Straying from the minimalist design approach, the Revolution D.F. X 1050 PSU flaunts a unique aesthetic charm. It is sprayed with textured black paint and showcases a distinctive octagonal fan grill located at the base of the chassis, which is elegantly adorned with a badge at its center. The right side of the chassis is completely plain, while the left side is home to what initially appears to be a typical decorative sticker with the company and series logos.


What initially appears to be a simple decorative sticker is actually a frosted display that illuminates various colors and effects, adding a visually appealing aspect for users who appreciate RGB setups. The Enermax Revolution D.F. X 1050 PSU offers 14 built-in lighting modes, providing a range of color and effect options including various static colors and dynamic rainbow effects. The lighting is limited to the side display, making it subtle and elegantly applied.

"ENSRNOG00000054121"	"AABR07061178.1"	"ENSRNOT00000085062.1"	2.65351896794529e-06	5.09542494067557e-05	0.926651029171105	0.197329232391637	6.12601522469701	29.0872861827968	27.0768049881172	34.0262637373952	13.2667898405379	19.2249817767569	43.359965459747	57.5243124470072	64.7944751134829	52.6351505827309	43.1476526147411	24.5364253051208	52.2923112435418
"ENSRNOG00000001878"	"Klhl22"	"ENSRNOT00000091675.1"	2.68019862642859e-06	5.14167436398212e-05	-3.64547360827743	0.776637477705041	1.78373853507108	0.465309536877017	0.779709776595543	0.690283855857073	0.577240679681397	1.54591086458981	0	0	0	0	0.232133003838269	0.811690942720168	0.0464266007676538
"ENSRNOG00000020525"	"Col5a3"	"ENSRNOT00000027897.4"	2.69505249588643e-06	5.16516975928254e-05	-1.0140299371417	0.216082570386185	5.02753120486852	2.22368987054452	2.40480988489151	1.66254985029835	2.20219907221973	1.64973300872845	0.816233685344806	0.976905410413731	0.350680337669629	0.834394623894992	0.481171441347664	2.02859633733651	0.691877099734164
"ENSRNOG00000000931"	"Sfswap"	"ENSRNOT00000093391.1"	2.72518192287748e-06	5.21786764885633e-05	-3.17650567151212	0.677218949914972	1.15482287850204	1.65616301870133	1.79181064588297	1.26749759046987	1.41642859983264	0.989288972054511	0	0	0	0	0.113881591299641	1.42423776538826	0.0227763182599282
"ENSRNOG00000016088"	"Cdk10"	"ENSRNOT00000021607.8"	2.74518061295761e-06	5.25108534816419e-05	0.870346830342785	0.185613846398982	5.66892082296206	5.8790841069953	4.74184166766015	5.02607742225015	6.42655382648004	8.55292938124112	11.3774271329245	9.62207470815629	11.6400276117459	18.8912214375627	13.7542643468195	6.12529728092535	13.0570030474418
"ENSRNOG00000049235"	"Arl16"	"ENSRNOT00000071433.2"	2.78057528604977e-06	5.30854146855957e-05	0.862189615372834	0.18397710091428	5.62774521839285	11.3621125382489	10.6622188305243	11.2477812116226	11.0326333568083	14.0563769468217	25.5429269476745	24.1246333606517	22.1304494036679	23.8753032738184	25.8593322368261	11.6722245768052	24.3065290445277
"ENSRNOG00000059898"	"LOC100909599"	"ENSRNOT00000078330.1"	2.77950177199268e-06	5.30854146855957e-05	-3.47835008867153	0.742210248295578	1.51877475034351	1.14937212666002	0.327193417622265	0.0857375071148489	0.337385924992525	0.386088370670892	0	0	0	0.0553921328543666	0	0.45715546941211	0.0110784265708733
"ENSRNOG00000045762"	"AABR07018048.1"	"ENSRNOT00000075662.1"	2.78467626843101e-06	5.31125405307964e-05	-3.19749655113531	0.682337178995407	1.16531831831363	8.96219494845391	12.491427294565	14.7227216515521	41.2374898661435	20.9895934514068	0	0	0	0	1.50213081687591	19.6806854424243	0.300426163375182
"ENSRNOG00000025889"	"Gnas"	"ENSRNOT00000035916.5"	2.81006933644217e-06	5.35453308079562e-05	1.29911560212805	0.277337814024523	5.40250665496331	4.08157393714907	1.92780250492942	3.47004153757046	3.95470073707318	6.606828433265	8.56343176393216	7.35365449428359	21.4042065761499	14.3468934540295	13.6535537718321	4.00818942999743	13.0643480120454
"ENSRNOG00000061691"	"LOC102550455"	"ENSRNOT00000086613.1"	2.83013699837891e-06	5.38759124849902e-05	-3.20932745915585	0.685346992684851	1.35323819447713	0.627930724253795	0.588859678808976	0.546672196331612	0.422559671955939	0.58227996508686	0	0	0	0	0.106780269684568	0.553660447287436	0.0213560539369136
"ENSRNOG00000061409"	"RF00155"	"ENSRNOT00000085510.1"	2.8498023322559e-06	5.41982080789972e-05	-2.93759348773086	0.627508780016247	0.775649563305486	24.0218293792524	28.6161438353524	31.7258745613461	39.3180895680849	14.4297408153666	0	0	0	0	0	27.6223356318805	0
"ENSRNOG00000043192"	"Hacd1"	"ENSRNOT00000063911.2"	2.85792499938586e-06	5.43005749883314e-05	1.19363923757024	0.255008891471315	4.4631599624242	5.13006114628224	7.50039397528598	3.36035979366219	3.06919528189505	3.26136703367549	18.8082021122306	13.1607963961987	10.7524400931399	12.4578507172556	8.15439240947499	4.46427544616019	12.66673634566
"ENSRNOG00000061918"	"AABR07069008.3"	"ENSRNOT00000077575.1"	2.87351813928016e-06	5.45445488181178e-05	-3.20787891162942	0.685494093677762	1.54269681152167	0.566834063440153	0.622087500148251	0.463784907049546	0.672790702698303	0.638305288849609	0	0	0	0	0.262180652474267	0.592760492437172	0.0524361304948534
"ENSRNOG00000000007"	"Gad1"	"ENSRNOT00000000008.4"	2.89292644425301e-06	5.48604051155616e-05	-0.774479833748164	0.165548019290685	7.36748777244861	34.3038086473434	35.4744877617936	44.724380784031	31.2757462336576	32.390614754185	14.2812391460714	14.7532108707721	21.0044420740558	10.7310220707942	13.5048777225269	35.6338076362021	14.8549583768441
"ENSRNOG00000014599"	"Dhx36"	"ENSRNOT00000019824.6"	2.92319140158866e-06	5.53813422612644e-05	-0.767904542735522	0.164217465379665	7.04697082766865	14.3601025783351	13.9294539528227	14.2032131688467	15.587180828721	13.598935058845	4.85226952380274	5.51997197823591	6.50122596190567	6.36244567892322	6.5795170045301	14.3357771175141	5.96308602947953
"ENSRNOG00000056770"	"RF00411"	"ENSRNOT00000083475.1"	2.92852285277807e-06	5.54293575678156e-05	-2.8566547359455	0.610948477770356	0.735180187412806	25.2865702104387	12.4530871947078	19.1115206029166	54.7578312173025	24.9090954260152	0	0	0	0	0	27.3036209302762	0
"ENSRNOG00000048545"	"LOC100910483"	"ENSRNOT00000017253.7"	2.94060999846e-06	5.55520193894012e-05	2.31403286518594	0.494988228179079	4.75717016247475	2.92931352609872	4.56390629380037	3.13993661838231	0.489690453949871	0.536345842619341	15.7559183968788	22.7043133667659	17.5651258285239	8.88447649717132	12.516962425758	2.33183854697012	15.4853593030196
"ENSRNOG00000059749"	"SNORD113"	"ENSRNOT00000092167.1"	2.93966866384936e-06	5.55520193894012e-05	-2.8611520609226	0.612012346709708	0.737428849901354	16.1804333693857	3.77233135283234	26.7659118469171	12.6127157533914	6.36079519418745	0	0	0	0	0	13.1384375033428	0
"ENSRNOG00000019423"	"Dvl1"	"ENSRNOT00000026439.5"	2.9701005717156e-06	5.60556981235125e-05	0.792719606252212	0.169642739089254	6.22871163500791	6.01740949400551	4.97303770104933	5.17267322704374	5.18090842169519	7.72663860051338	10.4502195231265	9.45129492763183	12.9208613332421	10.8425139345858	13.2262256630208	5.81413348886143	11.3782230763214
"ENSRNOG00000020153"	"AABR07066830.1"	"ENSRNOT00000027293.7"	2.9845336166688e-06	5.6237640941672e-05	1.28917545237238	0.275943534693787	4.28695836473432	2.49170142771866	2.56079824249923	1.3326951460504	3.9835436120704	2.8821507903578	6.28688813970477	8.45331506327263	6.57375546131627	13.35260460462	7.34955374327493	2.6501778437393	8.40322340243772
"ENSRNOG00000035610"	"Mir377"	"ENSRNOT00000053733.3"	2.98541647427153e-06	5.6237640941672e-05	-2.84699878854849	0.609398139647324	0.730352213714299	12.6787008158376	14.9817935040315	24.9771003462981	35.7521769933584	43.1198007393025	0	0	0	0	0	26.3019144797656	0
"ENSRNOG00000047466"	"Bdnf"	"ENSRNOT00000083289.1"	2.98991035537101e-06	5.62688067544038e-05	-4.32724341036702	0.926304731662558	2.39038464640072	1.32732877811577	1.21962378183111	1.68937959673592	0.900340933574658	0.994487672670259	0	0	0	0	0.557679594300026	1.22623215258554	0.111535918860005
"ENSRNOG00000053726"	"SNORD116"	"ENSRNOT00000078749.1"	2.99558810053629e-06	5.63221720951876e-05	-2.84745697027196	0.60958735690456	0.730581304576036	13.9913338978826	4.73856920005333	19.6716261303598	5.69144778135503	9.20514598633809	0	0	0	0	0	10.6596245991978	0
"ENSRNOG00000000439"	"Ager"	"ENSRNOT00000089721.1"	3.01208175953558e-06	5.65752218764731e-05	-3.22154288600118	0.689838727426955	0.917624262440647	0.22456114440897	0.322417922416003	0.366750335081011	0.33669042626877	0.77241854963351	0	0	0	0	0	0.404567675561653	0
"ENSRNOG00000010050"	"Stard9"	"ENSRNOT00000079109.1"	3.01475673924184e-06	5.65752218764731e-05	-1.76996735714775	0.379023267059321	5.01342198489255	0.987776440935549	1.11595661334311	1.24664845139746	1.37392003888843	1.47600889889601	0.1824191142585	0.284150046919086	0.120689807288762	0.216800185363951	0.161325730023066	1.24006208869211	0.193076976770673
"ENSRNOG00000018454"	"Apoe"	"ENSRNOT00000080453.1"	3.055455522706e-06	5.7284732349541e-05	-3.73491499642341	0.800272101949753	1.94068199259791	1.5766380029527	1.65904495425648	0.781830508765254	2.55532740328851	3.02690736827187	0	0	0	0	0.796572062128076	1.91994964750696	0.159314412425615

On the rear side, besides the customary small on/off switch and AC cable receptacle, the Revolution D.F. X 1050 incorporates a square momentary switch on its rear side. This switch rotates the pre-programmed RGB effects if the unit is not connected to an external ARGB controller and also allows users to easily turn off the lighting by holding it down for three seconds.


The front of the chassis houses connectors for the modular cables. Although the connectors are not color-coded, a basic legend is imprinted on the chassis to facilitate correct cable connections. The PCI Express and CPU 12V cables employ identical connectors, eliminating the risk of incorrect cable insertion, thanks to the distinct connector designs and keyed configurations.